The paper is structured as follows. Section 2 is a brief summary of the context in which we are living. Section 3 sets out some introductory definitions, including how the author understands “What is ‘sociocybernetics’?”, “What is ‘education’?” Section 4 is an extended discussion of “What is enlightenment?” and looks back historically to the Age of Enlightenment. It then proceeds to consider what enlightenment means today. Section 5 discusses the idea of what could be the curriculum for education for enlightenment. In particular, it considers how second order concerns about the belief systems of actors and reflexive awareness might be usefully summarised for educational purposes. The paper concludes with a discussion about the possibilities of education for enlightenment being, first of all, recognised as a global need and, second, being implemented on a global scale.
2. The context
In Scott (2009a), I discuss the relevance of sociocybernetics for addressing issues associated with possible world futures. In that paper, I present a figure (shown here as figure 1) as an attempt at a holistic view of a wide range of issues that demand our attention. I comment that possible world future scenarios range from the optimistic to the extremely pessimistic. In Scott (2010a), with respect to the same set of issues, I discuss, in quite general terms, the concept of ‘education for awareness’ as a way of progressing the ‘global conversation’ that may in due course lead to at least an amelioration of the possibly catastrophic changes that face us. I suggest that, “The key idea to appreciate is that the conversation about possible solutions is the first step towards possible solutions.”
Figure 1. An attempt at a simple holistic overview of some global problems
In this paper, in discussing what is education for enlightenment, I argue that such an education always has the form of a conversation and part of that conversation is learning to understand what is effective conversation. These ideas are by no means novel. What I have done in later parts of the paper is, I hope, set out the ideas clearly and placed them in both an historical and contemporary context.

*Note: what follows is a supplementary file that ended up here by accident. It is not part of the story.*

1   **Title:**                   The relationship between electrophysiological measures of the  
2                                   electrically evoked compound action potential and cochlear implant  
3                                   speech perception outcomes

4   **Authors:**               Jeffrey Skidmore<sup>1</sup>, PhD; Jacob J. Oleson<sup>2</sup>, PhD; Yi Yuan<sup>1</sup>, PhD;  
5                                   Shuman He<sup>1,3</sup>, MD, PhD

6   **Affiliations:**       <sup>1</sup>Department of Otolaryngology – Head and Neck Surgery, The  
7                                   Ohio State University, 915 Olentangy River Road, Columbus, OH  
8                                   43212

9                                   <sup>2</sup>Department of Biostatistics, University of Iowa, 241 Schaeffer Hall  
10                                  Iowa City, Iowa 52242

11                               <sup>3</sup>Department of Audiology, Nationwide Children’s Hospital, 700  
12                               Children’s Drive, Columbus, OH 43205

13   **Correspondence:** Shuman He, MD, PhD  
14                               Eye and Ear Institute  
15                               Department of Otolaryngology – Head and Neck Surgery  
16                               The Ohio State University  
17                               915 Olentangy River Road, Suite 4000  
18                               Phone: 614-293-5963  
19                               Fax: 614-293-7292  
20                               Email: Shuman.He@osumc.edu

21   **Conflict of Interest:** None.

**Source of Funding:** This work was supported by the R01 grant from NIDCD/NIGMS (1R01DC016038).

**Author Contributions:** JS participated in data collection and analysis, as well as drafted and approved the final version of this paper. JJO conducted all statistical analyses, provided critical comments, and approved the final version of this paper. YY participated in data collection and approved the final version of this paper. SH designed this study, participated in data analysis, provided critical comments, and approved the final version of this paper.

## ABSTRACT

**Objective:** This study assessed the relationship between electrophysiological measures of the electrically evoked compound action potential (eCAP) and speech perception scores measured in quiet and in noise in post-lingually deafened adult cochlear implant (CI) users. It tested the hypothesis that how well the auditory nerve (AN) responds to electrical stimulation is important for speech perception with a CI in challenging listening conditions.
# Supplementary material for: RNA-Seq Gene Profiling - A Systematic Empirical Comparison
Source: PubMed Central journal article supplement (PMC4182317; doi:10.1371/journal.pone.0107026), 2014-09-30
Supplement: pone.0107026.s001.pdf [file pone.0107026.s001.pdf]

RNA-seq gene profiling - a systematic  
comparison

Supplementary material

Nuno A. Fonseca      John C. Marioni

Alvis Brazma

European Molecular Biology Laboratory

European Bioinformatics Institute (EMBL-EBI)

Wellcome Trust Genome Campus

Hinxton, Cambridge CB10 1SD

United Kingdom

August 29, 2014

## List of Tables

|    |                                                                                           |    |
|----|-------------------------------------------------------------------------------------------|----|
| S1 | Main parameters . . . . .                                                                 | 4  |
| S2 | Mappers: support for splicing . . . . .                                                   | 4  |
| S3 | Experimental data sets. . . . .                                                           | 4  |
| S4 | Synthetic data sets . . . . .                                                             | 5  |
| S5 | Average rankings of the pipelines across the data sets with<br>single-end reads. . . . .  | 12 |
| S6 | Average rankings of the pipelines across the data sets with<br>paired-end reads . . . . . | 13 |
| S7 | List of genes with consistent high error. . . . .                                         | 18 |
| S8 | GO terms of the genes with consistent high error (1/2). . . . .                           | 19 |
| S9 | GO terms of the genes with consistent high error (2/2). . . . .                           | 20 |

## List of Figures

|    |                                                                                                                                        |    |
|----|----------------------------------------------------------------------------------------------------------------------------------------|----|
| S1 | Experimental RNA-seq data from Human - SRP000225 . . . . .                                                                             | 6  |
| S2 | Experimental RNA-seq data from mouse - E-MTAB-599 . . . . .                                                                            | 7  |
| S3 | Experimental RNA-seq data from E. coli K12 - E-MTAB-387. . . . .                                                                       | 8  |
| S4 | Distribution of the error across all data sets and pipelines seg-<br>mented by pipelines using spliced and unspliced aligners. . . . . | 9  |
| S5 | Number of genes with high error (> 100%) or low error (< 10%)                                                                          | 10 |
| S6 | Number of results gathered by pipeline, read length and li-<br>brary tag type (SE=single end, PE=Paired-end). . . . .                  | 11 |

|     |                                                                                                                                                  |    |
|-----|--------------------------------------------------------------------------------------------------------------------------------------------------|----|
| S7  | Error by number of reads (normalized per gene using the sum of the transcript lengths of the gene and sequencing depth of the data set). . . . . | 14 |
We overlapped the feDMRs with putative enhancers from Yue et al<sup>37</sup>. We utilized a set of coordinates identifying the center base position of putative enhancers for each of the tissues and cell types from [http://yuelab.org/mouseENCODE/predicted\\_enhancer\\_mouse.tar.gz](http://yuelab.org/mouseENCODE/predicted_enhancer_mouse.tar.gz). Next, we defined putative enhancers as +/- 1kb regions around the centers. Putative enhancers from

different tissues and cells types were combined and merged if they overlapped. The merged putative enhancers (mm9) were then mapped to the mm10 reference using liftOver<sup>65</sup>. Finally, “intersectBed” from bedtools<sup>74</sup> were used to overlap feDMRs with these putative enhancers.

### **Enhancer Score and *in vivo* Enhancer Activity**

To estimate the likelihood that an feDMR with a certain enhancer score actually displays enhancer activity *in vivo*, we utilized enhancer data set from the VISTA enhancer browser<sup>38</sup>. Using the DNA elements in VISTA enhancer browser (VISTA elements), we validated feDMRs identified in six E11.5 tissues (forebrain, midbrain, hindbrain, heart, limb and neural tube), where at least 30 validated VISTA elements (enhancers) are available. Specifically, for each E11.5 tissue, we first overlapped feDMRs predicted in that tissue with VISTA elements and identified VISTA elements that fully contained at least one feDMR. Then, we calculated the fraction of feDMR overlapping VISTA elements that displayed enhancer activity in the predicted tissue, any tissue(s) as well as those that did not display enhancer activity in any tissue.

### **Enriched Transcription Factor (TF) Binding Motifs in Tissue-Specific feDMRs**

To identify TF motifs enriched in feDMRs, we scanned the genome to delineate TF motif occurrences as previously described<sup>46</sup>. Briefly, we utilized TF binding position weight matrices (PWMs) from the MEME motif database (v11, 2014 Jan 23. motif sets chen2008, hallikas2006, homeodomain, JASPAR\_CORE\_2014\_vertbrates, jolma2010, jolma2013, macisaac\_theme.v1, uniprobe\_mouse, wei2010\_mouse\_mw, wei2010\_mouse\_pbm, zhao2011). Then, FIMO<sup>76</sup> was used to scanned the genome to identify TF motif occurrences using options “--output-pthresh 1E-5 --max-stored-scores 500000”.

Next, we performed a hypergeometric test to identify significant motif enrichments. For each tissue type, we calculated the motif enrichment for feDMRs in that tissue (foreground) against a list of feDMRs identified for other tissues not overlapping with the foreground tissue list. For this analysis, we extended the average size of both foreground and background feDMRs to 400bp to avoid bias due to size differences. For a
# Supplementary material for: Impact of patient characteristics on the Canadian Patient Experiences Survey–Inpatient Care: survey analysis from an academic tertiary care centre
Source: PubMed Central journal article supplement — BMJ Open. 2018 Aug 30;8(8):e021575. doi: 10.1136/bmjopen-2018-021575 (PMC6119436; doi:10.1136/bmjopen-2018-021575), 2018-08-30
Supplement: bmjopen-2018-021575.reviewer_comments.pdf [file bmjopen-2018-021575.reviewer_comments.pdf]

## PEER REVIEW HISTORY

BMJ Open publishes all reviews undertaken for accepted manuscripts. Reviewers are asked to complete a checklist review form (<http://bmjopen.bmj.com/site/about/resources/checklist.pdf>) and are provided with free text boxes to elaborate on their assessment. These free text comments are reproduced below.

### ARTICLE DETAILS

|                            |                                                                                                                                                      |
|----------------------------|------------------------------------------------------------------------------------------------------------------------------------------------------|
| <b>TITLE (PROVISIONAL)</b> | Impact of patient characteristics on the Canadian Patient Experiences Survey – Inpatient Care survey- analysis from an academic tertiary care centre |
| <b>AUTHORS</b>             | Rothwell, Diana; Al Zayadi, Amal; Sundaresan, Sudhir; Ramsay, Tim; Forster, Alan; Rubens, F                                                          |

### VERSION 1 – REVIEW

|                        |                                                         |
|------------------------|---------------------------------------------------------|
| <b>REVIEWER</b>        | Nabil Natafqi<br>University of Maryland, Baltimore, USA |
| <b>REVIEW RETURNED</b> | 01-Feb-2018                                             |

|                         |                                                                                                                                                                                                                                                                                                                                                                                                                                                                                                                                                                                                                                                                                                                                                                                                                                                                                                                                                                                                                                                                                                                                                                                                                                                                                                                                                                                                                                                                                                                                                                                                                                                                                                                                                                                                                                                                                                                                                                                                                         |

3. Introductory definitions
My understanding is that sociocybernetics is concerned with applying theories and methods from cybernetics and the systems sciences to the social sciences by offering concepts and tools for addressing problems holistically and globally.
The parent discipline, cybernetics, has been variously defined as “control and communication in the animal and the machine” (Wiener, 1948); “The study of all possible machines” (Ashby 1956) ; concerned with “feedback and circular causality in biological and social systems” (von Foerster et al, 1953). In Scott (2000), I characterise cybernetics as a ‘transdiscipline’ (Latin ‘trans’ - across) that abstracts from the many domains it adumbrates, models of great generality. I also characterise cybernetics as a ‘metadiscipline’, a discipline about disciplines (Latin ‘meta’ – above) that aims to understand similarities and differences between disciplines and their genesis as forms of human knowing.
For more about sociocybernetics, see http://www.unizar.es/sociocybernetics/whatis.html (accessed June, 2010).
Ashby (ibid) further states that ‘machine’ is synonymous with ‘system’ and that, “A system is that which persists.”